The drought is another macro economic concern. It can be a real “Who Knows?” issue. During the drought of the late 1980’s and early 90’s (and that was very similar to now) the market actually moved up in the late 80’s and then down as the recession of the early 90’s started. The late 1980’s were similar to now in that Mammoth was exiting a period of prolonged recession and many foreclosures. That was also a period of very high interest rates. But the drought wasn’t a determiner of real estate values (or maybe it actually held back the increases?). If anything, it might have helped.
Drought can have some positive effects. The local HOAs save on snow removal expenses and can re-allocate the money to needed capital maintenance projects, or not. The special assessments for snow removal in 2011 are now a distant memory. Drought also drives some projects and property owners to rationally decide to become more water conservative and make intelligent landscape changes. Water can get expensive here in Mammoth, especially when it is in limited supply.
Meanwhile, buyers and sellers should be attentive to the local market conditions, not just the hyperbole. Inventory is rising and sales volume/velocity has slowed. But that might be seasonal; late spring and early summer are not typically the busier real estate period in Mammoth. We’ll know more as we head into the late summer. There are still plenty of underwater properties with sellers unwilling to offload via short sales even though the need for “hardship” has become a myth. And there are still plenty of potential sellers who are “mentally underwater”; they paid more than the property is worth today but have little or no debt on the property. Their psyche (or ego) simply won’t allow them to take a loss (although their accountant might tell them that the loss will absorb that pesky depreciation recapture).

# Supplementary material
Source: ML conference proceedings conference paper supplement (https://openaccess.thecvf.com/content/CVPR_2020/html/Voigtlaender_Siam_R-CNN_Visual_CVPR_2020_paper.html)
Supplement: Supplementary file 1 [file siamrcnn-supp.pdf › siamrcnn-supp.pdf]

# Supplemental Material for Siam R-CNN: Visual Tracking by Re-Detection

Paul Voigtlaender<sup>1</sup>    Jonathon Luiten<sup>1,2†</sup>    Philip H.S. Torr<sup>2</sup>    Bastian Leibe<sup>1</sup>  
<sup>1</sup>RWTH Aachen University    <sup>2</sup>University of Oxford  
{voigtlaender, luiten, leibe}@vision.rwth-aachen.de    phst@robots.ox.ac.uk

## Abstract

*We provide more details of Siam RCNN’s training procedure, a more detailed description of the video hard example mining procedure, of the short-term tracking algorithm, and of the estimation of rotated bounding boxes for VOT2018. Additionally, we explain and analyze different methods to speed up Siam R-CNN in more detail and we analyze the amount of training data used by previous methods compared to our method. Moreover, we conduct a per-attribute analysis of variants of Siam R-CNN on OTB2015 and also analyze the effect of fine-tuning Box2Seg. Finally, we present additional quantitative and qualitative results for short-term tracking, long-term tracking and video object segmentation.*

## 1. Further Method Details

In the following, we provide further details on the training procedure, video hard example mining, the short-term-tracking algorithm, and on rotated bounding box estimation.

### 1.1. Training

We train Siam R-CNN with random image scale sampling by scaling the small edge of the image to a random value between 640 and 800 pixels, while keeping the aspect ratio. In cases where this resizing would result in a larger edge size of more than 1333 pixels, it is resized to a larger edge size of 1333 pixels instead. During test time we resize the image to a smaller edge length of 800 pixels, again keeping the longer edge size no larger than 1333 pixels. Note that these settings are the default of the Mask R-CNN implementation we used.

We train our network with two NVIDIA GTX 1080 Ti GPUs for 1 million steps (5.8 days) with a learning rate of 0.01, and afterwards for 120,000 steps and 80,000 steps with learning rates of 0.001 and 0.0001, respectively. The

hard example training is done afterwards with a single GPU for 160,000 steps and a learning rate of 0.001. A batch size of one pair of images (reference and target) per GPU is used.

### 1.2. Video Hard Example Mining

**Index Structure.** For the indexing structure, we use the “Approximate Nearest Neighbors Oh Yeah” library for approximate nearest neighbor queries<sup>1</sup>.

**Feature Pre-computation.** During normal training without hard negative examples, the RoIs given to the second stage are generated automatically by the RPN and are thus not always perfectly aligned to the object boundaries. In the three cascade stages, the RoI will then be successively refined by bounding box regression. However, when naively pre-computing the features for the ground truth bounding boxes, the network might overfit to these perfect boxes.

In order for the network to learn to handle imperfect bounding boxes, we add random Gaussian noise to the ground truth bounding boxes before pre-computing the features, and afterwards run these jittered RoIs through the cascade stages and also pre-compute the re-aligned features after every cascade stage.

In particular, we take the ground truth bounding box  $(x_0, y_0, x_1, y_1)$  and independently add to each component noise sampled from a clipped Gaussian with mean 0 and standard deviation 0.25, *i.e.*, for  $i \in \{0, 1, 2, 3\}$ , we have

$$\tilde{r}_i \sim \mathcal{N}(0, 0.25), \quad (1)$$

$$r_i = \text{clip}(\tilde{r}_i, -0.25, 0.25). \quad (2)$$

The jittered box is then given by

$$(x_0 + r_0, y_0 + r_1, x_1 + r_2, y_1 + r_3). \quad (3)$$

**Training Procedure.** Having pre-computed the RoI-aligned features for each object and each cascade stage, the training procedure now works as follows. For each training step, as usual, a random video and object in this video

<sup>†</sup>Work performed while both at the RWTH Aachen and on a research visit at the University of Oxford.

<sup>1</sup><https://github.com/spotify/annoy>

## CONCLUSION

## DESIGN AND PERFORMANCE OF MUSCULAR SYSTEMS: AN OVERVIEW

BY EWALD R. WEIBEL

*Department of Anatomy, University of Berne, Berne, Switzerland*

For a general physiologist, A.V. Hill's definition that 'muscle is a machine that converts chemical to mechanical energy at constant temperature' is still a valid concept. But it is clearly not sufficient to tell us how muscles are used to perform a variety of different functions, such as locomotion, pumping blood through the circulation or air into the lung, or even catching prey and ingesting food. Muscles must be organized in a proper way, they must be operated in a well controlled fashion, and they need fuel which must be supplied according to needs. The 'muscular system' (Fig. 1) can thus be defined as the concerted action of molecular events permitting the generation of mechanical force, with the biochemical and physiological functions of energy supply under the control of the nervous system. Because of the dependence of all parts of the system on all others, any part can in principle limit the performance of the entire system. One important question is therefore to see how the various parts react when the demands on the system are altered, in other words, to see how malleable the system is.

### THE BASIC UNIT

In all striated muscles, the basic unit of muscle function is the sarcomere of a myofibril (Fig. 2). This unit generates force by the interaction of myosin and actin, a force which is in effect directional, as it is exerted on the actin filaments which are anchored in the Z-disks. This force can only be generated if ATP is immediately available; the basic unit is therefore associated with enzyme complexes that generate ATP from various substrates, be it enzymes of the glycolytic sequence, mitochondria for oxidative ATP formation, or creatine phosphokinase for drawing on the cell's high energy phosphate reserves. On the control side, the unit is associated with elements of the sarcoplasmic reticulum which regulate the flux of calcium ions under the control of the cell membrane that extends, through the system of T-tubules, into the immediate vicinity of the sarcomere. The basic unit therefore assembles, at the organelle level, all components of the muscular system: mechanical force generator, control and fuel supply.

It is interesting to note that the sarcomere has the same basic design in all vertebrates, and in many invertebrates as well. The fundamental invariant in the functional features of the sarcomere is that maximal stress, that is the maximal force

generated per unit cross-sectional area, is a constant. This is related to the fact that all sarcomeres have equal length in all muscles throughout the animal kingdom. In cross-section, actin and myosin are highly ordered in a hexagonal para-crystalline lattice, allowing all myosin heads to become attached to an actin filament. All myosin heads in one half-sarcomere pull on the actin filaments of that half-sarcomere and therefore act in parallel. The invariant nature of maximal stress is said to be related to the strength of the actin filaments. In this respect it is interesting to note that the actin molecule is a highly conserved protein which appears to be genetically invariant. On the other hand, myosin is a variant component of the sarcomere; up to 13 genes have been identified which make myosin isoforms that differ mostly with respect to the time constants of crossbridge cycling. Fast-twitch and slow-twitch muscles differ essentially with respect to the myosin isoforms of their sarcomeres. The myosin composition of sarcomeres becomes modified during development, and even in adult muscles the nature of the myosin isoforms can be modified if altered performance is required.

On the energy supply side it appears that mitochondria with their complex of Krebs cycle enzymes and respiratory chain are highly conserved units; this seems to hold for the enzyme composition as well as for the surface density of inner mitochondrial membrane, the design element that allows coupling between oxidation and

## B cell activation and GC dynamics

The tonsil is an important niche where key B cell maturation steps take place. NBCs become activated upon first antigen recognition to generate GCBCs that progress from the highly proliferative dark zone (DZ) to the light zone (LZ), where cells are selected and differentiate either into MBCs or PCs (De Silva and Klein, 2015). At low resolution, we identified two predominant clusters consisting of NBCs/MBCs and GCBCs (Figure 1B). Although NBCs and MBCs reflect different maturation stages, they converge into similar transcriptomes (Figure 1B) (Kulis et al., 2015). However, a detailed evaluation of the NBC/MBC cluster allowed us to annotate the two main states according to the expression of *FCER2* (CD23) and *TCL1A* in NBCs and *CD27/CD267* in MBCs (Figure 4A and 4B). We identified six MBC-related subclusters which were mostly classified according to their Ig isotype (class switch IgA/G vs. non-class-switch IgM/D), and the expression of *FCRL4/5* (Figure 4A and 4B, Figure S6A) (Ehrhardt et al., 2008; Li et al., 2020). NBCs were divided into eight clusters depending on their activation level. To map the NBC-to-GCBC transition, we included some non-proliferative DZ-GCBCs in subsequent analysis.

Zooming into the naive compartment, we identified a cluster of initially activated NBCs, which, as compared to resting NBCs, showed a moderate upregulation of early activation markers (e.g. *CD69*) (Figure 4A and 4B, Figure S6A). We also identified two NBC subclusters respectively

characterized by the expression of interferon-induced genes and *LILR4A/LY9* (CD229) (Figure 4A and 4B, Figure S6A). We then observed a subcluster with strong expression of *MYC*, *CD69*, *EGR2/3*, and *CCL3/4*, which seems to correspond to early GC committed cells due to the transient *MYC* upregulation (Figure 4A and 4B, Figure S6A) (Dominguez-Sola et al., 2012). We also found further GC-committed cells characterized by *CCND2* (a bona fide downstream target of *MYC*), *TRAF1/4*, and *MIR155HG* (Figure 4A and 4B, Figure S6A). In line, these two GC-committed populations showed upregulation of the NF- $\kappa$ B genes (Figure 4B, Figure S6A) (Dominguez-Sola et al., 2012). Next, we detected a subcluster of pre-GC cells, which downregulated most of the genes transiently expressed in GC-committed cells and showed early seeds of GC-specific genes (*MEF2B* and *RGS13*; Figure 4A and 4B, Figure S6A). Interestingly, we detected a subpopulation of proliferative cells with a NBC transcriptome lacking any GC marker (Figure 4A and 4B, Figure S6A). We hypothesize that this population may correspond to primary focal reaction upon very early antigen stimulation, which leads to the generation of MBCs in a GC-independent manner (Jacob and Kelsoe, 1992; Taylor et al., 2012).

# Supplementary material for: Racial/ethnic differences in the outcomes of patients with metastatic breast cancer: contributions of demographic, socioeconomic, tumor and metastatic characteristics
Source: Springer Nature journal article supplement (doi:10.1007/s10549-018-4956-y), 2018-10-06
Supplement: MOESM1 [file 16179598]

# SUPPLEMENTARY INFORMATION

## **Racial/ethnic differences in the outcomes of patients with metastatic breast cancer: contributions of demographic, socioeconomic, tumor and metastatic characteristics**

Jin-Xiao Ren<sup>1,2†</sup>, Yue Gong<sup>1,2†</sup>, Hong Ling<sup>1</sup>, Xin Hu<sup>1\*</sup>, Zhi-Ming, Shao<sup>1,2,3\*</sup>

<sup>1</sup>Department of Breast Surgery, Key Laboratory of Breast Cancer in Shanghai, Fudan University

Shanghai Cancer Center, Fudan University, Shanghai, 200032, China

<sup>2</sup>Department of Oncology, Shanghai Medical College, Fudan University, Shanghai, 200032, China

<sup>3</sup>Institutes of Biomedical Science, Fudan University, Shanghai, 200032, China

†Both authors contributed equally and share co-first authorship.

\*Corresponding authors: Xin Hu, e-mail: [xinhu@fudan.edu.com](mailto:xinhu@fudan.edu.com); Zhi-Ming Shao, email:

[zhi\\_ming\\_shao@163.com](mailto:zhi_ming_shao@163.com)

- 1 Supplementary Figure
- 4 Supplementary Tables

For many years the local market tried to draw analogies to the Southern California real estate market. Old brokers use say things like “the Mammoth market lags the Southern California market by 6 to 8 months.” Some of that is still true today but there are so many other dynamics in play. Who really knows anymore? Chinese buyers aren’t sweeping into our market and Silicon Valley doesn’t seem to notice us (even though we are so close). Meanwhile, some buyers are priced-out, some are not seeing anything attractive, and some are still sitting on the fence. But the age-old reasons to be in Mammoth remain. And they have endured all of the micro and macro concerns. And the advice to “choose wisely” rings as true as ever.
Happy Fourth of July!